Sign In

2016 Philipponnat Extra Brut Blanc de Noirs

Disgorged 4/2022

Removed from a professional wine storage facility

2 available
Ends Sunday, 7pm Pacific


95Jeb Dunnuck

...nose has a very pure perfume of raspberry, red plum, and crushed roses, and it is fleshy on the palate, with a fine mousse and notes of wild strawberry, blood orange, and almond.

94Wine Enthusiast

...has a textured edge that comes from the fruit tannins. It also has some really fine white fruits, and the crispest acidity...

93The Wine Advocate

...a very classy wine, delivering aromas of red apples, pear, honeycomb and nectarine, followed by a medium to full-bodied, fleshy and layered palate that's broad, textural and vinous.

92James Suckling

Bread dough, pastries, apricots, sesame, grapefruit and cherry stones on the nose, leading to a round, creamy palate. Soft bubbles. Flavorful and lengthy finish.



Philipponnat is a 40-acre estate in the commune of Mareuil-sur-Ay. It is owned and operated by the same family that founded it. The estate is noteworthy for one reason because until the late 1970s it was the only Champagne estate making single-vineyard wine. Robert M. Parker Jr. has written this: “The wine from this historically important Champagne house that continues to make it worth talking about is the profound and notoriously age worthy Clos des Goisses, a blend of Chardonnay and Pinot Noir from a dramatically steep site along the Aisne-Marne Canal.”


France, Champagne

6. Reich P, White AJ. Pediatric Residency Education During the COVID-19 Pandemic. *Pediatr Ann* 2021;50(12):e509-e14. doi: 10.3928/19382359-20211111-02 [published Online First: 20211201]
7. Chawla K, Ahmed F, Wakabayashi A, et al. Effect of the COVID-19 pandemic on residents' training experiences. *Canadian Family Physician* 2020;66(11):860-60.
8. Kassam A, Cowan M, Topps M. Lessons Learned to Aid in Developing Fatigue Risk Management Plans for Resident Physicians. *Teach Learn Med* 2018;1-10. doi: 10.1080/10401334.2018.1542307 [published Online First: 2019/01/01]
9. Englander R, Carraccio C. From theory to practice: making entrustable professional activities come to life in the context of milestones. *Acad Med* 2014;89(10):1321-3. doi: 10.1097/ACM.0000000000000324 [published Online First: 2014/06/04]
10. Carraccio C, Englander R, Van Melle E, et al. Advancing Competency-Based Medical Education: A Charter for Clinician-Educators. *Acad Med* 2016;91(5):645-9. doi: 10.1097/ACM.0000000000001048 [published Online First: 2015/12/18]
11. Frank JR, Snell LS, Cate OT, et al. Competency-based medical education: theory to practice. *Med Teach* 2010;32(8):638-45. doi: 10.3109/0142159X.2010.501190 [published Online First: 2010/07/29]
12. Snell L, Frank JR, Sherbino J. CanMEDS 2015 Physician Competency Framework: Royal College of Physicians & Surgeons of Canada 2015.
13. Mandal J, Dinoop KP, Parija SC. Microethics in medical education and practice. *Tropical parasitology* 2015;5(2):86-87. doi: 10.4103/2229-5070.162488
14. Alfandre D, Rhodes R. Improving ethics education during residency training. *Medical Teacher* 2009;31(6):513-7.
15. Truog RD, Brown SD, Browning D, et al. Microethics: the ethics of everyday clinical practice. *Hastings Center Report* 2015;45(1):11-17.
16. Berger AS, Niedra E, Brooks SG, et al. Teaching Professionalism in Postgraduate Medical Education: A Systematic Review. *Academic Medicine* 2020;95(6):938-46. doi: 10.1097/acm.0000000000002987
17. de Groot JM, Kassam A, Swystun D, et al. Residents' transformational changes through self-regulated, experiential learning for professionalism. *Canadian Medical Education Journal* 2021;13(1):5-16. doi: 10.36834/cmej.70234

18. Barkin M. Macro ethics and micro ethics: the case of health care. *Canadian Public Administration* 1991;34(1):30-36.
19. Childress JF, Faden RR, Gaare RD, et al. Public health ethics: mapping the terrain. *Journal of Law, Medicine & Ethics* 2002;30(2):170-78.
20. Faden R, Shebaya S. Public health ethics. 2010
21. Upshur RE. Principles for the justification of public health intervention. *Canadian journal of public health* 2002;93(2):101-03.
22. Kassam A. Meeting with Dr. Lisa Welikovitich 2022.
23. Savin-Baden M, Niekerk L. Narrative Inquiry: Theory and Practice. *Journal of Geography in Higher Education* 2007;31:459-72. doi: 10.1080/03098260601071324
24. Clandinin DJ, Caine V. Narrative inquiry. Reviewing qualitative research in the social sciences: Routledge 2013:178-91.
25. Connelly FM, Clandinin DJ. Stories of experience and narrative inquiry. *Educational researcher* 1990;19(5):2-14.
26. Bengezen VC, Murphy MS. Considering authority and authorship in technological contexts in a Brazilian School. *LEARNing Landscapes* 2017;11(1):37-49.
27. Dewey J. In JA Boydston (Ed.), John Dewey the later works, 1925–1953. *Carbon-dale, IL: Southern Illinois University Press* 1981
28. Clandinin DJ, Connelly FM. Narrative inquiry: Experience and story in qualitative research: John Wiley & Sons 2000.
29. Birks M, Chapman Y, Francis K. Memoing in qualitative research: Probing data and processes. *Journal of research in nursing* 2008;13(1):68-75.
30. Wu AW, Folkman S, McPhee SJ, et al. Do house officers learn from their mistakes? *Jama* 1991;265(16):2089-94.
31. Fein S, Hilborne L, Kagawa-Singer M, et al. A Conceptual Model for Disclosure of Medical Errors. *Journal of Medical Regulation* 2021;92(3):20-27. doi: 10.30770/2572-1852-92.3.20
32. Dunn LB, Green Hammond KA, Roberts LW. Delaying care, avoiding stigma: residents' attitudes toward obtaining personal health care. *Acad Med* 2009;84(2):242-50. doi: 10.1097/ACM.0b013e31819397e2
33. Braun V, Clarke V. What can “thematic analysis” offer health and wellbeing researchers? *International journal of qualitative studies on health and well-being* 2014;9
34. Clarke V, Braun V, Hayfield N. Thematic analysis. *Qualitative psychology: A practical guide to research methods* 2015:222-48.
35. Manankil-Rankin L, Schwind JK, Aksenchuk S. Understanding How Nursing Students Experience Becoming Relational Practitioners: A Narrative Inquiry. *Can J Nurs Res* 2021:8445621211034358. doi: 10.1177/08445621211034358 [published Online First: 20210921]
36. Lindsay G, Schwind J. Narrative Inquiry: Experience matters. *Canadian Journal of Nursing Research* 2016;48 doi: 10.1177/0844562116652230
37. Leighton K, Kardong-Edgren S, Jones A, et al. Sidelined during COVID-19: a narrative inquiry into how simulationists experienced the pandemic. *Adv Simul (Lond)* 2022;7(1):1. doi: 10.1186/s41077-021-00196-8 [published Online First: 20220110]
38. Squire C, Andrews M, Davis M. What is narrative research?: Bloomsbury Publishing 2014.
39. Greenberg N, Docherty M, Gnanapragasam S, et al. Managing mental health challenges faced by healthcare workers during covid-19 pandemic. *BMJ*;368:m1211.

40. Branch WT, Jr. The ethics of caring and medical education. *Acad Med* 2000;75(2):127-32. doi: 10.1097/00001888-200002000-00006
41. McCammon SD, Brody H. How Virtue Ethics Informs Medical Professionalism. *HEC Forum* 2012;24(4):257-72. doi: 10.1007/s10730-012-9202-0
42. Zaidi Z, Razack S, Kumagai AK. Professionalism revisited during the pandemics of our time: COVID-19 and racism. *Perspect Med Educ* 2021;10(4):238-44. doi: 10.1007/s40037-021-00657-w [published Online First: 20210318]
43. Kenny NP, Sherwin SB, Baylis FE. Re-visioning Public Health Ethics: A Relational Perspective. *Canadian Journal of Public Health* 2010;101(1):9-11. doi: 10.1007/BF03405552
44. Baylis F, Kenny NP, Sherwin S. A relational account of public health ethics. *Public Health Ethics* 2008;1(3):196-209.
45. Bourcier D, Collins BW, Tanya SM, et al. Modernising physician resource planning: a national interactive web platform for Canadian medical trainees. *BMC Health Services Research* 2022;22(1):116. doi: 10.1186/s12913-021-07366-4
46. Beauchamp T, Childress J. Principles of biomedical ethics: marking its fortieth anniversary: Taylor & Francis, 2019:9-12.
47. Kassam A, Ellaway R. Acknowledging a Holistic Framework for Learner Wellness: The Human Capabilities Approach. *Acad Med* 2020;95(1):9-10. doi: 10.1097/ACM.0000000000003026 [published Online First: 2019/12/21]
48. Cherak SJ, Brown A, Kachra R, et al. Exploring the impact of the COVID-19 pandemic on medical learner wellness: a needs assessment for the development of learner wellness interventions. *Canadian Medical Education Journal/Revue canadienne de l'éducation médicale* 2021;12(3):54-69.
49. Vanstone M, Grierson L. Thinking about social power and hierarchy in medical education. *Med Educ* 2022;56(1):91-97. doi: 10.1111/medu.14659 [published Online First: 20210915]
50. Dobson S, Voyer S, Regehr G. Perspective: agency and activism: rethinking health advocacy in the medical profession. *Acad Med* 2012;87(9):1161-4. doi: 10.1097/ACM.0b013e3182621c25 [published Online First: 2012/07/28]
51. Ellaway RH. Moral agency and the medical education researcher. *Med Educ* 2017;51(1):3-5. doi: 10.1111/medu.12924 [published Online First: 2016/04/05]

Champagne is a small, beautiful wine growing region northeast of Paris whose famous name is misused a million times a day. As wine enthusiasts and all French people are well aware, only sparkling wines produced in Champagne from grapes grown in Champagne can be called Champagne. Sparkling wines produced anywhere else, including in other parts of France, must be called something besides Champagne. Champagne producers are justifiably protective of their wines and the prestige associated with true Champagne. Though the region was growing grapes and making wines in ancient times, it began specializing in sparkling wine in the 17th century, when a Benedictine monk named Dom Pierre Pérignon formulated a set guidelines to improve the quality of the local sparkling wines. Despite legends to the contrary, Dom Pérignon did not “invent” sparkling wine, but his rules about aggressive pruning, small yields and multiple pressings of the grapes were widely adopted, and by the 18th and 19th centuries Champagne had become the wine of choice in fashionable courts and palaces throughout Europe. Today there are 75,000 acres of vineyards in Champagne growing Pinot Noir, Chardonnay and Pinot Meunier. Champagne’s official appellation system classifies villages as Grand Cru or Premier Cru, though there are also many excellent Champagnes that simply carry the regional appellation. Along with well-known international Champagne houses there are numerous so-called “producer Champagnes,” meaning wines made by families who, usually for several or more generations, have worked their own vineyards and produced Champagne only from their own grapes.